Alt Protein Sector Heats Up In The Gulf As Arab Consumers Embrace Plant-Based

6 Mins Read

Alternative protein is taking off all over the world, with consumer demand reaching all-time highs and investor enthusiasm in the food tech space greater than ever before. The Arabian Gulf region is no exception to this trend, where the ecosystem is heating up big-time, with young startups racing to develop novel sustainable proteins, venture capitalists jumping in to back innovations, and governments launching pro-alt protein initiatives in a bid to boost food security. With so much going on, here’s a rundown of the exciting things happening across the region. 

Young consumers & rising health concerns are driving up demand 

With the average age across the states in the Gulf Cooperation Council (GCC) being just 27 years and over 20% of the total population currently under the age of 15, millennials and Gen Zs are an influential demographic driving consumer trends. Like the rest of the world, younger generations are increasingly conscious of their spending – from whether their clothes are ethically made to the footprint of their plates – and they’re now buying up alternative proteins more than ever before as new products continue to launch on the market. There’s even a Dubai-based Meatless Sundays movement, (in the same vein as Green Monday but adapted to a Middle East audience where the week starts on Sunday.

Younger consumers are driving the alt protein trend (Source: Beyond Meat)

Plus, with the coronavirus pandemic refocusing our attention on health and wellness, eating better and more nutritious foods has become top of mind. Like the rest of the world, rising health concerns and the growing pool of data showcasing the correlation between plant-based diets and lowered risks in terms of heart disease, obesity, diabetes and death from all diseases, is pushing shoppers to pick up meatless alternatives.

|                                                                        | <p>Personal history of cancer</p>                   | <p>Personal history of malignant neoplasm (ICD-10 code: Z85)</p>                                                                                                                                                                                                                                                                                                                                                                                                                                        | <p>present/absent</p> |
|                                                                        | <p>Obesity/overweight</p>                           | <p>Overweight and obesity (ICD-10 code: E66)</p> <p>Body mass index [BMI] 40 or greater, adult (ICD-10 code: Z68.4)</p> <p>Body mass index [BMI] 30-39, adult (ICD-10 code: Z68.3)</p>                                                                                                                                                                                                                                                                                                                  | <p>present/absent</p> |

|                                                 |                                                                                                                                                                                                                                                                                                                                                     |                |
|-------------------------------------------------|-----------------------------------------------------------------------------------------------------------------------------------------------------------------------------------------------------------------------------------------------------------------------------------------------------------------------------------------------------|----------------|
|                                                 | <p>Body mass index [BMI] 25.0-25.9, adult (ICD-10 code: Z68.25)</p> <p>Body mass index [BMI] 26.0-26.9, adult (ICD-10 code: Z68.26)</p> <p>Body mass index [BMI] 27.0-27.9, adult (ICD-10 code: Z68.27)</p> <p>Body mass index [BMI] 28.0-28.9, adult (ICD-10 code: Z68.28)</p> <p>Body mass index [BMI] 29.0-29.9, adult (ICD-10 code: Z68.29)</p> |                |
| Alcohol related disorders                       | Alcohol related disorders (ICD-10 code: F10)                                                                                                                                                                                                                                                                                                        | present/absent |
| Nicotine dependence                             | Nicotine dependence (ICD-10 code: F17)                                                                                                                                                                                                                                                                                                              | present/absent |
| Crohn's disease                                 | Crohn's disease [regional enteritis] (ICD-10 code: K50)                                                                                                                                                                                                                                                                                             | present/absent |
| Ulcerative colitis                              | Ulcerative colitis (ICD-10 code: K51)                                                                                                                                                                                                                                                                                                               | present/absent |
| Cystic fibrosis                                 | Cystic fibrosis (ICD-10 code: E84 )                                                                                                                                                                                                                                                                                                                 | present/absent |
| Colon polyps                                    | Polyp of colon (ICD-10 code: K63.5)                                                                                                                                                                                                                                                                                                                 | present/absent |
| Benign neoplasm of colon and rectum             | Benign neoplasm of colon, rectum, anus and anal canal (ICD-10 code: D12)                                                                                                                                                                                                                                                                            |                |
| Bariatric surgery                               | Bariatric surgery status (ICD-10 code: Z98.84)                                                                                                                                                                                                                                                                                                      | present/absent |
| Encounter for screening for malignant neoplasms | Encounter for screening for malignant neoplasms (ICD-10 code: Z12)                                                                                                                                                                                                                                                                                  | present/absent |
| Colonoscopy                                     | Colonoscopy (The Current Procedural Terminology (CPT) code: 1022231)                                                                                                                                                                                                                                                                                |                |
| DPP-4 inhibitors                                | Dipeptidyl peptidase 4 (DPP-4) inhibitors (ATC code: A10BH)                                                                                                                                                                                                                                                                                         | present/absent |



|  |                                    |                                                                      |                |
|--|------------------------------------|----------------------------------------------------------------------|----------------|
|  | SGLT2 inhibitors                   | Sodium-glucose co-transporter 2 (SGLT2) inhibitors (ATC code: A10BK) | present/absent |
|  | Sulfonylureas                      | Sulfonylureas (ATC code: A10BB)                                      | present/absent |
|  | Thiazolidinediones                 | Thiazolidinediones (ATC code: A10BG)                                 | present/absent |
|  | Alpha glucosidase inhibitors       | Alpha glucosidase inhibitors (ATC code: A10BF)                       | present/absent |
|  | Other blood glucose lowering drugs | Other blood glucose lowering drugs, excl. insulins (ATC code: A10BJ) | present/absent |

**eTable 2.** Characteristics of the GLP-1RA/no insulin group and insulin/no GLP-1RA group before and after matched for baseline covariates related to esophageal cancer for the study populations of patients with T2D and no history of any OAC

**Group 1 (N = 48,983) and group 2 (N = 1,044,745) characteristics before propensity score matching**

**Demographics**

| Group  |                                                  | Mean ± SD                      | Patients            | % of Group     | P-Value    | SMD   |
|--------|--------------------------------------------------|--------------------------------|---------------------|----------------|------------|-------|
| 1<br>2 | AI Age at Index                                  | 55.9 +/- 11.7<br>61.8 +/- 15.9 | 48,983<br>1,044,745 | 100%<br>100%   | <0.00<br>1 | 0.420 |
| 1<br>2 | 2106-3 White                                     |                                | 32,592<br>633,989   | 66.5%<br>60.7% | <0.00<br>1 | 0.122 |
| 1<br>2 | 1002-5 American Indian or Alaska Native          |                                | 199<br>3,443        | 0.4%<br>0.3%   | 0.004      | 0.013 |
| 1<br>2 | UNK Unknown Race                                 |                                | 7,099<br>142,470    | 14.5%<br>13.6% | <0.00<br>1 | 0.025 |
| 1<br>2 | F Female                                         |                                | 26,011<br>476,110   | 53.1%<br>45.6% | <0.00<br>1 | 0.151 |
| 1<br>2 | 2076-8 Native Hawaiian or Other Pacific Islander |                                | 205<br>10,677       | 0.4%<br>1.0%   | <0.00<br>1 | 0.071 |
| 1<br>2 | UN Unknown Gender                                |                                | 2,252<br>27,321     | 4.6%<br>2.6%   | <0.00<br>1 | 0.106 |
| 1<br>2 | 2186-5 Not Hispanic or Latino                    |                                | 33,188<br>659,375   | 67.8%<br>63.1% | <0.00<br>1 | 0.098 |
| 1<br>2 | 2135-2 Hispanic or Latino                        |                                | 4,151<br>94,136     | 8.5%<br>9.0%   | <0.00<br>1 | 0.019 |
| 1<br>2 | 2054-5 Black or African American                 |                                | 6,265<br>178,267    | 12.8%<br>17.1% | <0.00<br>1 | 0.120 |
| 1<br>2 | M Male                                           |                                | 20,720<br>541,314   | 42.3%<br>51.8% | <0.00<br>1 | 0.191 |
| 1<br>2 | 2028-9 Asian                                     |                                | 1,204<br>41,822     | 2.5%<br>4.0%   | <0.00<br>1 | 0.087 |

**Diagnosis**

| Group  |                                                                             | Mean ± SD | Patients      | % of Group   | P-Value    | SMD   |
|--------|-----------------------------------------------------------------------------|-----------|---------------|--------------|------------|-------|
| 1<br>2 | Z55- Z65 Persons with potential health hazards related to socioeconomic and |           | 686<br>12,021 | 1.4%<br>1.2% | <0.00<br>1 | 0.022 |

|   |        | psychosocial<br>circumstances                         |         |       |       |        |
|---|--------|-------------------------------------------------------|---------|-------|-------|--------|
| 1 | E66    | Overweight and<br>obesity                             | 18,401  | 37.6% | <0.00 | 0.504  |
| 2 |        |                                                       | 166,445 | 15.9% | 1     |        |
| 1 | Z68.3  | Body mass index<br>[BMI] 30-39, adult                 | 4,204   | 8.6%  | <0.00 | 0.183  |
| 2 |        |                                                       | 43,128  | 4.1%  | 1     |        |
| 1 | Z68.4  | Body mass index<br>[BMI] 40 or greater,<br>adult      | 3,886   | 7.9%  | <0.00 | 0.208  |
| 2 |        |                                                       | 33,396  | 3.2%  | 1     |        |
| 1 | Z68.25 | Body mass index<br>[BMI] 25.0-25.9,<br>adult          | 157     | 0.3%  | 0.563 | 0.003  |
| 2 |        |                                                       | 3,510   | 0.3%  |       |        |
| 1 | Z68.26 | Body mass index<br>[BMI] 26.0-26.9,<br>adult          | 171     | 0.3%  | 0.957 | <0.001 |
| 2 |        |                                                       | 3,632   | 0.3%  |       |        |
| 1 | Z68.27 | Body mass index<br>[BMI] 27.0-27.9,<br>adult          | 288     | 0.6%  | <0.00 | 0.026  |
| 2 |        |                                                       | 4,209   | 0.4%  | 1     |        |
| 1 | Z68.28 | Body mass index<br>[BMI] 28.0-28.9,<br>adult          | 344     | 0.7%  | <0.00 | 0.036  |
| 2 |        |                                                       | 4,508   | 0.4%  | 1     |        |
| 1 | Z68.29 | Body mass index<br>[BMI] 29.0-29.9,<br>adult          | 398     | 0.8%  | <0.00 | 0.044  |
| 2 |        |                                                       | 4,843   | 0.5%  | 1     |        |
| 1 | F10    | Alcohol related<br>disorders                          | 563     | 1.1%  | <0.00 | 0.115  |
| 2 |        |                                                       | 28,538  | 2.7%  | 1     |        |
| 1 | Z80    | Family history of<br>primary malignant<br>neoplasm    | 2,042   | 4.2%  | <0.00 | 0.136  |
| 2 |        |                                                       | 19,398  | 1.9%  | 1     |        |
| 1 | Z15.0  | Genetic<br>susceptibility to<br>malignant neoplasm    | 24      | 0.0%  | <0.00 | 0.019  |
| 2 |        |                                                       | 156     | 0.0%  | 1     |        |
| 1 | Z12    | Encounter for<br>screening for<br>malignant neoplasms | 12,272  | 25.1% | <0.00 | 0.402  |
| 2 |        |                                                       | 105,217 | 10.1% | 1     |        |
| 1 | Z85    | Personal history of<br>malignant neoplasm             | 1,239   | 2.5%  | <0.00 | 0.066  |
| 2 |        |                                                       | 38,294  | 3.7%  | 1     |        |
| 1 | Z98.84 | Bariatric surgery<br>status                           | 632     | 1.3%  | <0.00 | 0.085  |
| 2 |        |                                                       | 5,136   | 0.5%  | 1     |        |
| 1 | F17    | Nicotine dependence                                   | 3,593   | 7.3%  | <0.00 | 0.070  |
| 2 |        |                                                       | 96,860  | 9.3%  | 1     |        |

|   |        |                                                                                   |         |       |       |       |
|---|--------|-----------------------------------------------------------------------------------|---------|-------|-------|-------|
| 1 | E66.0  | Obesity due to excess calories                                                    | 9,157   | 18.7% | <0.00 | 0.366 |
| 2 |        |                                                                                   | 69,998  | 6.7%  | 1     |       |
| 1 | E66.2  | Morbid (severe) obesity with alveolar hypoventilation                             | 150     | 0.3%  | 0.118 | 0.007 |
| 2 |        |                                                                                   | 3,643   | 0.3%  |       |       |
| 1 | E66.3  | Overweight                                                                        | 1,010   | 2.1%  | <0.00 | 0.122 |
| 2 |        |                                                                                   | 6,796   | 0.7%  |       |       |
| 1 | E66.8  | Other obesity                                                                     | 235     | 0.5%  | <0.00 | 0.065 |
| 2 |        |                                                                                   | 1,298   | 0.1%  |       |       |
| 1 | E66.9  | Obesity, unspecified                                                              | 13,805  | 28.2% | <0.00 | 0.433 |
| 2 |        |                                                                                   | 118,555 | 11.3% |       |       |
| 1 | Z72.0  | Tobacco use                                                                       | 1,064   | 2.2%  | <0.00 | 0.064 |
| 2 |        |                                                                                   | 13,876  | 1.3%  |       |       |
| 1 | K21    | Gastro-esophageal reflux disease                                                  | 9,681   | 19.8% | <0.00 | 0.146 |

Authorities in the region are also concerned about food security, and like many other states, perhaps most notably Singapore, GCC governments are looking to bolster supply chain resilience in the wake of the coronavirus-related disruptions over the past year, with many initiatives in the UAE, Oman and Saudi Arabia underlining alternative protein development as key to their goals. 

Bolst Global founder & CEO Victoria Boldison, who works extensively across the Middle East and has supported several plant-based brands to successfully enter most of the Gulf territories over recent years, told Green Queen there is a growing demand in alternative proteins that is becoming more mainstream in both retail and food service channels in the region: “The Gulf territory has a reputation for being a large consumer of meat products and whilst there is still a long way to go to see some of the shift in plant based attitude and consumption, changes are happening across the region. The next five years will see consumers making more conscious decisions when it comes to their protein intake. Plant-based diets and products are widely available in other global regions, but there is a huge opportunity for exporters specialised in this area since there is currently no market leader.” 

Boldison also underlines that the sector’s outlook is strong: “It is anticipated that 15-20% of meat consumption in the UAE for example will be plant-based by 2025, with a 4-5% CAGR. Opportunities for producers of meat substitutes also present themselves in the foodservice industry. For example, sales of meat-free burgers in Dubai food outlets increased from 35% to 50% in January 2020 alone and this year’s Veganuary campaign in upmarket retailers such as Spinneys was an overwhelming success amongst its alternative protein listed suppliers. With the growing concerns and the willingness of consumers to adapt a healthier lifestyle, categories such as organic, free-from, and fortified/functional are also likely to experience positive growth across the region.” 

Alt protein ecosystem support: VCs and advocacy players fostering innovation

Prince Khaled bin Alwaleed bin Talal, founder & CEO of KBW Ventures (Source: KBW Ventures)